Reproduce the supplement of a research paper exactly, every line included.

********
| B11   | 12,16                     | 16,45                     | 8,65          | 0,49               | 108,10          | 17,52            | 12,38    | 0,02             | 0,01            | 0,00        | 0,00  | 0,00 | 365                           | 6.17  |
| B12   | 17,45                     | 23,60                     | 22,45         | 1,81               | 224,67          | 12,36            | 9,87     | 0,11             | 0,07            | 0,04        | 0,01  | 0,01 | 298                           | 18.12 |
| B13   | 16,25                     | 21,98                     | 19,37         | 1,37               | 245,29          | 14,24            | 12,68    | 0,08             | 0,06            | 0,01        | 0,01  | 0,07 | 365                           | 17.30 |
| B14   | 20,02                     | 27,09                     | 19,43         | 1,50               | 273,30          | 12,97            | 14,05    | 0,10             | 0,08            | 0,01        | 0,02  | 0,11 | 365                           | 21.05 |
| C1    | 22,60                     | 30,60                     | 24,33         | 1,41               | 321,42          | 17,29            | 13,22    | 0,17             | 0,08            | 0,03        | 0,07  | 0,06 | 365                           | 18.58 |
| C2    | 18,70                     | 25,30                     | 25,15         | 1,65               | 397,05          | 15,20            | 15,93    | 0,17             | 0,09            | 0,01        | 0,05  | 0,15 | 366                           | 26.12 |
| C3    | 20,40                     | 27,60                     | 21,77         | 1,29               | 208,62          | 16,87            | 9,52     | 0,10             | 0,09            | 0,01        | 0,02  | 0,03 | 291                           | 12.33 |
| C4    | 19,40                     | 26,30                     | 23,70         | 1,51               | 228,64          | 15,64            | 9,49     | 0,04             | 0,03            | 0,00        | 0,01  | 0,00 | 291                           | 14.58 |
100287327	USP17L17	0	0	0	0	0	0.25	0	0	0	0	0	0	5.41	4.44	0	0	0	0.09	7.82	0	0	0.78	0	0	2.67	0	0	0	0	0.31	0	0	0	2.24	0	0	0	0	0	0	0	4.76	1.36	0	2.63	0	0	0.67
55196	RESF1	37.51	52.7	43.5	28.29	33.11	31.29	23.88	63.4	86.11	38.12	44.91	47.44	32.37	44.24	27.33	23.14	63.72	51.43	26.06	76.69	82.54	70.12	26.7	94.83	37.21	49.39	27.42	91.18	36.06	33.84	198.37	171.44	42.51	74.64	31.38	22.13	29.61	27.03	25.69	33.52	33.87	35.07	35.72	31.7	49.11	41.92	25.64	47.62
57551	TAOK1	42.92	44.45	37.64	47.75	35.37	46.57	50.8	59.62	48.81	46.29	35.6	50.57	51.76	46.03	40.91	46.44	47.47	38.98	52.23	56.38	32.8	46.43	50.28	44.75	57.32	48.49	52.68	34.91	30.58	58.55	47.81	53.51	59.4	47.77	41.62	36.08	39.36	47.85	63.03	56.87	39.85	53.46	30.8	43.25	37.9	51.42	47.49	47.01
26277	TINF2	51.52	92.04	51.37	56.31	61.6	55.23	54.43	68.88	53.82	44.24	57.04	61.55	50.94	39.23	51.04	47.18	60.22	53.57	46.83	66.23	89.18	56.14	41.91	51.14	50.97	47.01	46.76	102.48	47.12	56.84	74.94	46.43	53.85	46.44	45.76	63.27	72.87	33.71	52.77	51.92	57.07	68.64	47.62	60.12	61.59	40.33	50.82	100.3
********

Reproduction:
| B11   | 12,16                     | 16,45                     | 8,65          | 0,49               | 108,10          | 17,52            | 12,38    | 0,02             | 0,01            | 0,00        | 0,00  | 0,00 | 365                           | 6.17  |
| B12   | 17,45                     | 23,60                     | 22,45         | 1,81               | 224,67          | 12,36            | 9,87     | 0,11             | 0,07            | 0,04        | 0,01  | 0,01 | 298                           | 18.12 |
| B13   | 16,25                     | 21,98                     | 19,37         | 1,37               | 245,29          | 14,24            | 12,68    | 0,08             | 0,06            | 0,01        | 0,01  | 0,07 | 365                           | 17.30 |
| B14   | 20,02                     | 27,09                     | 19,43         | 1,50               | 273,30          | 12,97            | 14,05    | 0,10             | 0,08            | 0,01        | 0,02  | 0,11 | 365                           | 21.05 |
| C1    | 22,60                     | 30,60                     | 24,33         | 1,41               | 321,42          | 17,29            | 13,22    | 0,17             | 0,08            | 0,03        | 0,07  | 0,06 | 365                           | 18.58 |
| C2    | 18,70                     | 25,30                     | 25,15         | 1,65               | 397,05          | 15,20            | 15,93    | 0,17             | 0,09            | 0,01        | 0,05  | 0,15 | 366                           | 26.12 |
| C3    | 20,40                     | 27,60                     | 21,77         | 1,29               | 208,62          | 16,87            | 9,52     | 0,10             | 0,09            | 0,01        | 0,02  | 0,03 | 291                           | 12.33 |
| C4    | 19,40                     | 26,30                     | 23,70         | 1,51               | 228,64          | 15,64            | 9,49     | 0,04             | 0,03            | 0,00        | 0,01  | 0,00 | 291                           | 14.58 |
100287327	USP17L17	0	0	0	0	0	0.25	0	0	0	0	0	0	5.41	4.44	0	0	0	0.09	7.82	0	0	0.78	0	0	2.67	0	0	0	0	0.31	0	0	0	2.24	0	0	0	0	0	0	0	4.76	1.36	0	2.63	0	0	0.67
55196	RESF1	37.51	52.7	43.5	28.29	33.11	31.29	23.88	63.4	86.11	38.12	44.91	47.44	32.37	44.24	27.33	23.14	63.72	51.43	26.06	76.69	82.54	70.12	26.7	94.83	37.21	49.39	27.42	91.18	36.06	33.84	198.37	171.44	42.51	74.64	31.38	22.13	29.61	27.03	25.69	33.52	33.87	35.07	35.72	31.7	49.11	41.92	25.64	47.62
57551	TAOK1	42.92	44.45	37.64	47.75	35.37	46.57	50.8	59.62	48.81	46.29	35.6	50.57	51.76	46.03	40.91	46.44	47.47	38.98	52.23	56.38	32.8	46.43	50.28	44.75	57.32	48.49	52.68	34.91	30.58	58.55	47.81	53.51	59.4	47.77	41.62	36.08	39.36	47.85	63.03	56.87	39.85	53.46	30.8	43.25	37.9	51.42	47.49	47.01
26277	TINF2	51.52	92.04	51.37	56.31	61.6	55.23	54.43	68.88	53.82	44.24	57.04	61.55	50.94	39.23	51.04	47.18	60.22	53.57	46.83	66.23	89.18	56.14	41.91	51.14	50.97	47.01	46.76	102.48	47.12	56.84	74.94	46.43	53.85	46.44	45.76	63.27	72.87	33.71	52.77	51.92	57.07	68.64	47.62	60.12	61.59	40.33	50.82	100.3